A note on the social role of companies #SIF12

There is a curious view of companies that state that companies should do only one thing: maximize shareholder value. This view is sometimes thought of as a hardline, capitalist view and it views companies as value-neutral, value-agnostic. And there is a subtext of this being the “pure” nature of the corporation, all else a dilution of the essence of what it is to be a company.

But consider the following case. Assume that persons A, B and C get together to start a company, the purpose of which is to usher in artificial intelligence into the world, and that they believe that AI as a general purpose technology will be the savior of our sadly tribal, biologically rooted existence (note that I am not saying I share their analysis). They produce consumer AI and with that they make a lot of money that they funnel back into the company and they start setting up foundations for AIs that will enable their software to evolve and grow forever. They offer shares on an open market, but split the share so that they retain the vote (many companies in SIlicon Valley do this) — share holders know this, and are aware of the company’s objectives.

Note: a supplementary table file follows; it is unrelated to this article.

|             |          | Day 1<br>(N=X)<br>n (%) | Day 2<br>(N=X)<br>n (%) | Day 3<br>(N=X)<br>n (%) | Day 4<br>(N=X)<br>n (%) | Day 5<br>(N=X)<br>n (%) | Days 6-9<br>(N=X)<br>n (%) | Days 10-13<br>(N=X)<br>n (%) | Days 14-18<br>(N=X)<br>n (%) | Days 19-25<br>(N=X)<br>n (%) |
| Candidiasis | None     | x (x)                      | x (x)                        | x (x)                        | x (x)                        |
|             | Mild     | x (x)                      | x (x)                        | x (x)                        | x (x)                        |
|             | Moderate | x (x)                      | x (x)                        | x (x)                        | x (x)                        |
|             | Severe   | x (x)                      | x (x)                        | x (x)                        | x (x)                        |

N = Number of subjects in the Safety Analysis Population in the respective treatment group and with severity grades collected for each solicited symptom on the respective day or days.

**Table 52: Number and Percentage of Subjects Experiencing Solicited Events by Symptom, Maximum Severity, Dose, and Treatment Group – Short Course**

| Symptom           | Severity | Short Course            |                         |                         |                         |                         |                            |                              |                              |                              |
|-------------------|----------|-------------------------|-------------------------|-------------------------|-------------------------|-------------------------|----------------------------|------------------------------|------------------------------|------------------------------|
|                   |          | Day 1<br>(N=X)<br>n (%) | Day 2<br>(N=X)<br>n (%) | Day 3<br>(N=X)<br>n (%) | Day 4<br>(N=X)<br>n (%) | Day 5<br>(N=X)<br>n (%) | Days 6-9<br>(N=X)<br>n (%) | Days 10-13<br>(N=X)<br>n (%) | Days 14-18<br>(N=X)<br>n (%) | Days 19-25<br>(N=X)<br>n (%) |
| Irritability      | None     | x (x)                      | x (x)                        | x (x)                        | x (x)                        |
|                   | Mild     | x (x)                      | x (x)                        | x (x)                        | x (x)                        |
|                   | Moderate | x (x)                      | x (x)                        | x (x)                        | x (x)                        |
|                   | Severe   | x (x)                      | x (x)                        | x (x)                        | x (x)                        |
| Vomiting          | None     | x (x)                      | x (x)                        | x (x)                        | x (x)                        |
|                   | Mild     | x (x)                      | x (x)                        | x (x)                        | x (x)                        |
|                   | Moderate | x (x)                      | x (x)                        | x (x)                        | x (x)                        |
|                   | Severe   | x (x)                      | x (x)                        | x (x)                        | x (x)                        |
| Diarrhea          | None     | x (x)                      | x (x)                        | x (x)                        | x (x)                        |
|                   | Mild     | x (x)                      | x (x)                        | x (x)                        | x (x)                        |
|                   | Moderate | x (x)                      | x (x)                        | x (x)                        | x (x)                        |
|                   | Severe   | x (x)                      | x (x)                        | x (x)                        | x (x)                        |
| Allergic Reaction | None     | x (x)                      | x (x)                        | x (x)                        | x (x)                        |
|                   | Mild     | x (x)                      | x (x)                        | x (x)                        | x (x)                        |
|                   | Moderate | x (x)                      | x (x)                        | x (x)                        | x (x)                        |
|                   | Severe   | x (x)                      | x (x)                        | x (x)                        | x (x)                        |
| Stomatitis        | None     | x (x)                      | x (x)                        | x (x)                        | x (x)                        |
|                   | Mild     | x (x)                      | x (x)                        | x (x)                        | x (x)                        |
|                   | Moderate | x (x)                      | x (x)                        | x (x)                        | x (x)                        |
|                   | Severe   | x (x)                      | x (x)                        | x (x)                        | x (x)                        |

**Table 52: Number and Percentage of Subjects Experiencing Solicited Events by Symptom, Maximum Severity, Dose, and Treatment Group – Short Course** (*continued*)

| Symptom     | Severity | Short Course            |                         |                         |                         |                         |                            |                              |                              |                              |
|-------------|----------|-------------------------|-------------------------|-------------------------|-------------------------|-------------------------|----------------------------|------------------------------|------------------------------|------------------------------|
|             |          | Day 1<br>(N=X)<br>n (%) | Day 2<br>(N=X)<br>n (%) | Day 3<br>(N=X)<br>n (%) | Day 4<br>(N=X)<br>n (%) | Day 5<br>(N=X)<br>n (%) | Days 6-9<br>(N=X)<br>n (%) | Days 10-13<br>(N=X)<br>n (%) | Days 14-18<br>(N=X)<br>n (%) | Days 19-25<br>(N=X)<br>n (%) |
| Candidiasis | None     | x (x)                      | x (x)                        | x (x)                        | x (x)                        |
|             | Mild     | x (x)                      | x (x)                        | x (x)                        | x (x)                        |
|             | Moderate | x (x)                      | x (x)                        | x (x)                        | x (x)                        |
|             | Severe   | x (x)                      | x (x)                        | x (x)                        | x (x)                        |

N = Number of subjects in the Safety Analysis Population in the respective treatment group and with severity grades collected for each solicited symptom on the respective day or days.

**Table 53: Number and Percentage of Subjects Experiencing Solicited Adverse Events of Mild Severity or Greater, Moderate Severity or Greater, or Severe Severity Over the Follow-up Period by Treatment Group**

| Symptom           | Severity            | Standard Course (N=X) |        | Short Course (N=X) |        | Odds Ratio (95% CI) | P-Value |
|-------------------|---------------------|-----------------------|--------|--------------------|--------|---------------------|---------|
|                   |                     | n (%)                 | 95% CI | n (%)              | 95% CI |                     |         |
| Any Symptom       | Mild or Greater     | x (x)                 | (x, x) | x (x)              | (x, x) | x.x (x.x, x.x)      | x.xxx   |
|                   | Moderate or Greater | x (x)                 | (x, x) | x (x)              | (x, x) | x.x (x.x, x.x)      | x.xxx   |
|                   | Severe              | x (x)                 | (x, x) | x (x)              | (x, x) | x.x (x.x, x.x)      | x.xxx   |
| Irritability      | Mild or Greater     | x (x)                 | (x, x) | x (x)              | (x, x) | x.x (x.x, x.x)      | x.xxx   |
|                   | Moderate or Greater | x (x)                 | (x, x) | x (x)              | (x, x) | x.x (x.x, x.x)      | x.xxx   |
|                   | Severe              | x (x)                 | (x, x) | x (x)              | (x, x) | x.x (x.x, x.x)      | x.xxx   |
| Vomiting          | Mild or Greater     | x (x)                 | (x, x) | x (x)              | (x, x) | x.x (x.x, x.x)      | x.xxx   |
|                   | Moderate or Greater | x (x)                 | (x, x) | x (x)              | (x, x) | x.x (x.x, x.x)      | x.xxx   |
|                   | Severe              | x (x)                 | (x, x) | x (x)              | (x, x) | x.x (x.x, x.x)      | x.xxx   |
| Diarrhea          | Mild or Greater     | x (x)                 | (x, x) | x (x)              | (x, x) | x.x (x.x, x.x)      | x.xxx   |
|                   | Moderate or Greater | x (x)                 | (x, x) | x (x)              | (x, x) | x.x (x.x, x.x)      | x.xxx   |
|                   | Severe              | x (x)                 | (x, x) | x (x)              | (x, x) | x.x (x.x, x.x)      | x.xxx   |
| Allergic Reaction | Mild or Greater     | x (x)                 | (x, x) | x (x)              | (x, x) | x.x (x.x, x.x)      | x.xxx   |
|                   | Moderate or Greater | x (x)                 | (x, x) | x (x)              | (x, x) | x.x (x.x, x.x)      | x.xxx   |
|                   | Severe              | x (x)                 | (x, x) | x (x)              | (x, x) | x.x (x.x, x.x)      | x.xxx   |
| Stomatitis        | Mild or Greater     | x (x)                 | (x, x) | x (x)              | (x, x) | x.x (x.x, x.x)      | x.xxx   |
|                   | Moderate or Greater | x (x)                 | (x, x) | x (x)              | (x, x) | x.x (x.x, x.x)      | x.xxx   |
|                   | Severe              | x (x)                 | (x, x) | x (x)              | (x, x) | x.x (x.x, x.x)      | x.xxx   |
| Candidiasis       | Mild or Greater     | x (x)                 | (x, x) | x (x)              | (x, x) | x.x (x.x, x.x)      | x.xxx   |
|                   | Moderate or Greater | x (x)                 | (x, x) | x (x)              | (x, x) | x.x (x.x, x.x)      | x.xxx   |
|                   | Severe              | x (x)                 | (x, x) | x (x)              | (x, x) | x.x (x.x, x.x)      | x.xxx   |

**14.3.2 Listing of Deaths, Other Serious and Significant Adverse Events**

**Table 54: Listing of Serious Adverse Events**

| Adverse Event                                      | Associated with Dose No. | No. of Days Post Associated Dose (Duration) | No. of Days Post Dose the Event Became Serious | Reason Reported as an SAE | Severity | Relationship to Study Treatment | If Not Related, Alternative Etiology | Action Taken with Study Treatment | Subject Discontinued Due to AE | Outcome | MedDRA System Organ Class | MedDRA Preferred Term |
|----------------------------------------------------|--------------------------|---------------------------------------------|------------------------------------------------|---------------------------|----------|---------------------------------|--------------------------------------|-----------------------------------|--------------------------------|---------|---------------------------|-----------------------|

In one sense this company is optimizing the value of the share holders, but those values are non-monetary. In another this company seems like a strange hybrid thing in the eyes of the reductio-capitalists who want to see only monetary value optimized.